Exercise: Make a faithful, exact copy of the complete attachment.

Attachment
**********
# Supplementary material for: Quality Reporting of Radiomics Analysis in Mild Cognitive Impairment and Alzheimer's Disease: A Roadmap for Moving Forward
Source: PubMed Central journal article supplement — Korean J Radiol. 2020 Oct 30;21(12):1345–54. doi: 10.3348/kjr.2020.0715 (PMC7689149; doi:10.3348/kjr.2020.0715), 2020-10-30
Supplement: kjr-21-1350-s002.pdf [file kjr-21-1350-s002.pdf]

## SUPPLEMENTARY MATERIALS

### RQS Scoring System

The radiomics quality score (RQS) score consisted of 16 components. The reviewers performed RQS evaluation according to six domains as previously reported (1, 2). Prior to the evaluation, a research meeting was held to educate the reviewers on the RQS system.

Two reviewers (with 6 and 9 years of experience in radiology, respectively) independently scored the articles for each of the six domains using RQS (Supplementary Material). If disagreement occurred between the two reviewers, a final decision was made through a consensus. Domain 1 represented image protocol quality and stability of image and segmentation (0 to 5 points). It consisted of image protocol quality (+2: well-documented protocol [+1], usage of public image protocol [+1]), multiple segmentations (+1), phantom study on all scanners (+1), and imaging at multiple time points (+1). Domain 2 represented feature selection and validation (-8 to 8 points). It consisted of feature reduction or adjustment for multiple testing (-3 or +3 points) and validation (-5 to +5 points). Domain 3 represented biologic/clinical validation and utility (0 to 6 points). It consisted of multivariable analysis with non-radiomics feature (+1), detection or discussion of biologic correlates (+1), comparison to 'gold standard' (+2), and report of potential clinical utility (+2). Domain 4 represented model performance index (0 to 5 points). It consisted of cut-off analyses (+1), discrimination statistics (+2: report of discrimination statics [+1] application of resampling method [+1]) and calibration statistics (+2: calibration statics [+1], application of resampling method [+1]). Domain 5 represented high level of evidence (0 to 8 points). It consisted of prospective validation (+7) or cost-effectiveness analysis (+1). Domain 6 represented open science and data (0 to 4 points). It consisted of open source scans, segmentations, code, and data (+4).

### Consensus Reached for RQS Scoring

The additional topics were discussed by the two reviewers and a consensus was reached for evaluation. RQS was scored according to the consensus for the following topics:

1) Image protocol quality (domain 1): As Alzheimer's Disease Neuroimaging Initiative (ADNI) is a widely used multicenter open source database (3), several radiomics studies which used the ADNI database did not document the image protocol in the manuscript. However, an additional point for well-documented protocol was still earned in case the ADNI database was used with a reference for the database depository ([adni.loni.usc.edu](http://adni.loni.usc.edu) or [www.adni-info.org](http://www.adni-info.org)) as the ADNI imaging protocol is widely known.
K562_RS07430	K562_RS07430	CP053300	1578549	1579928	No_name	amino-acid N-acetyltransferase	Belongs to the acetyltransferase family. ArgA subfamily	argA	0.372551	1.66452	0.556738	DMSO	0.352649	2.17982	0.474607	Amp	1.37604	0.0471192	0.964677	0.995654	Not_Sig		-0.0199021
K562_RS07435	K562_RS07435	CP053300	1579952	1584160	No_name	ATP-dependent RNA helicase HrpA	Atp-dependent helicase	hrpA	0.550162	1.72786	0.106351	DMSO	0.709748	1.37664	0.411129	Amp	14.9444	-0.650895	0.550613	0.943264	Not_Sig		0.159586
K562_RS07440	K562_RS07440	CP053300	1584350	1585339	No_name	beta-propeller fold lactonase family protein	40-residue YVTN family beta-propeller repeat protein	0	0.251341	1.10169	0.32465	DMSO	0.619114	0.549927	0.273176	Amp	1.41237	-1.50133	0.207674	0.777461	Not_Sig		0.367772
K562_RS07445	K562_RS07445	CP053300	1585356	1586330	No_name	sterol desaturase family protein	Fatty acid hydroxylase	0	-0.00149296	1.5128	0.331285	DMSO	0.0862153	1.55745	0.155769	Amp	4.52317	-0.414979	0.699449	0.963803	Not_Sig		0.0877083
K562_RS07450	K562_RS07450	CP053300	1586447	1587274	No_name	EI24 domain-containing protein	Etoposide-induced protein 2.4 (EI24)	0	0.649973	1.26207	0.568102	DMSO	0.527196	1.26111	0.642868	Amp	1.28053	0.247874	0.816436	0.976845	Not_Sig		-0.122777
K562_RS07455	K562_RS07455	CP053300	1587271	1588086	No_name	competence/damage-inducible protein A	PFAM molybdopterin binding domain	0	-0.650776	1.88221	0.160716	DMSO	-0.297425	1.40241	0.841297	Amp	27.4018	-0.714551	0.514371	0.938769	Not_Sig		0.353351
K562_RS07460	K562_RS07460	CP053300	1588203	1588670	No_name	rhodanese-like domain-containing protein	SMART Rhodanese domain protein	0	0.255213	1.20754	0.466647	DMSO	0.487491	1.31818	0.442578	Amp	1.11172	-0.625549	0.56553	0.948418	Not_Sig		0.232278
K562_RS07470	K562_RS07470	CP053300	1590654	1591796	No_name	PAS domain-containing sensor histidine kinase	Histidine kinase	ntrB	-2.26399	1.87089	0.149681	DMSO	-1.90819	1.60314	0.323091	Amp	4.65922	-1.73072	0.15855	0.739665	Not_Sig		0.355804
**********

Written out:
# Supplementary material for: Quality Reporting of Radiomics Analysis in Mild Cognitive Impairment and Alzheimer's Disease: A Roadmap for Moving Forward
Source: PubMed Central journal article supplement — Korean J Radiol. 2020 Oct 30;21(12):1345–54. doi: 10.3348/kjr.2020.0715 (PMC7689149; doi:10.3348/kjr.2020.0715), 2020-10-30
Supplement: kjr-21-1350-s002.pdf [file kjr-21-1350-s002.pdf]

## SUPPLEMENTARY MATERIALS

### RQS Scoring System

The radiomics quality score (RQS) score consisted of 16 components. The reviewers performed RQS evaluation according to six domains as previously reported (1, 2). Prior to the evaluation, a research meeting was held to educate the reviewers on the RQS system.

Two reviewers (with 6 and 9 years of experience in radiology, respectively) independently scored the articles for each of the six domains using RQS (Supplementary Material). If disagreement occurred between the two reviewers, a final decision was made through a consensus. Domain 1 represented image protocol quality and stability of image and segmentation (0 to 5 points). It consisted of image protocol quality (+2: well-documented protocol [+1], usage of public image protocol [+1]), multiple segmentations (+1), phantom study on all scanners (+1), and imaging at multiple time points (+1). Domain 2 represented feature selection and validation (-8 to 8 points). It consisted of feature reduction or adjustment for multiple testing (-3 or +3 points) and validation (-5 to +5 points). Domain 3 represented biologic/clinical validation and utility (0 to 6 points). It consisted of multivariable analysis with non-radiomics feature (+1), detection or discussion of biologic correlates (+1), comparison to 'gold standard' (+2), and report of potential clinical utility (+2). Domain 4 represented model performance index (0 to 5 points). It consisted of cut-off analyses (+1), discrimination statistics (+2: report of discrimination statics [+1] application of resampling method [+1]) and calibration statistics (+2: calibration statics [+1], application of resampling method [+1]). Domain 5 represented high level of evidence (0 to 8 points). It consisted of prospective validation (+7) or cost-effectiveness analysis (+1). Domain 6 represented open science and data (0 to 4 points). It consisted of open source scans, segmentations, code, and data (+4).

### Consensus Reached for RQS Scoring

The additional topics were discussed by the two reviewers and a consensus was reached for evaluation. RQS was scored according to the consensus for the following topics:

1) Image protocol quality (domain 1): As Alzheimer's Disease Neuroimaging Initiative (ADNI) is a widely used multicenter open source database (3), several radiomics studies which used the ADNI database did not document the image protocol in the manuscript. However, an additional point for well-documented protocol was still earned in case the ADNI database was used with a reference for the database depository ([adni.loni.usc.edu](http://adni.loni.usc.edu) or [www.adni-info.org](http://www.adni-info.org)) as the ADNI imaging protocol is widely known.
K562_RS07430	K562_RS07430	CP053300	1578549	1579928	No_name	amino-acid N-acetyltransferase	Belongs to the acetyltransferase family. ArgA subfamily	argA	0.372551	1.66452	0.556738	DMSO	0.352649	2.17982	0.474607	Amp	1.37604	0.0471192	0.964677	0.995654	Not_Sig		-0.0199021
K562_RS07435	K562_RS07435	CP053300	1579952	1584160	No_name	ATP-dependent RNA helicase HrpA	Atp-dependent helicase	hrpA	0.550162	1.72786	0.106351	DMSO	0.709748	1.37664	0.411129	Amp	14.9444	-0.650895	0.550613	0.943264	Not_Sig		0.159586
K562_RS07440	K562_RS07440	CP053300	1584350	1585339	No_name	beta-propeller fold lactonase family protein	40-residue YVTN family beta-propeller repeat protein	0	0.251341	1.10169	0.32465	DMSO	0.619114	0.549927	0.273176	Amp	1.41237	-1.50133	0.207674	0.777461	Not_Sig		0.367772
K562_RS07445	K562_RS07445	CP053300	1585356	1586330	No_name	sterol desaturase family protein	Fatty acid hydroxylase	0	-0.00149296	1.5128	0.331285	DMSO	0.0862153	1.55745	0.155769	Amp	4.52317	-0.414979	0.699449	0.963803	Not_Sig		0.0877083
K562_RS07450	K562_RS07450	CP053300	1586447	1587274	No_name	EI24 domain-containing protein	Etoposide-induced protein 2.4 (EI24)	0	0.649973	1.26207	0.568102	DMSO	0.527196	1.26111	0.642868	Amp	1.28053	0.247874	0.816436	0.976845	Not_Sig		-0.122777
K562_RS07455	K562_RS07455	CP053300	1587271	1588086	No_name	competence/damage-inducible protein A	PFAM molybdopterin binding domain	0	-0.650776	1.88221	0.160716	DMSO	-0.297425	1.40241	0.841297	Amp	27.4018	-0.714551	0.514371	0.938769	Not_Sig		0.353351
K562_RS07460	K562_RS07460	CP053300	1588203	1588670	No_name	rhodanese-like domain-containing protein	SMART Rhodanese domain protein	0	0.255213	1.20754	0.466647	DMSO	0.487491	1.31818	0.442578	Amp	1.11172	-0.625549	0.56553	0.948418	Not_Sig		0.232278
K562_RS07470	K562_RS07470	CP053300	1590654	1591796	No_name	PAS domain-containing sensor histidine kinase	Histidine kinase	ntrB	-2.26399	1.87089	0.149681	DMSO	-1.90819	1.60314	0.323091	Amp	4.65922	-1.73072	0.15855	0.739665	Not_Sig		0.355804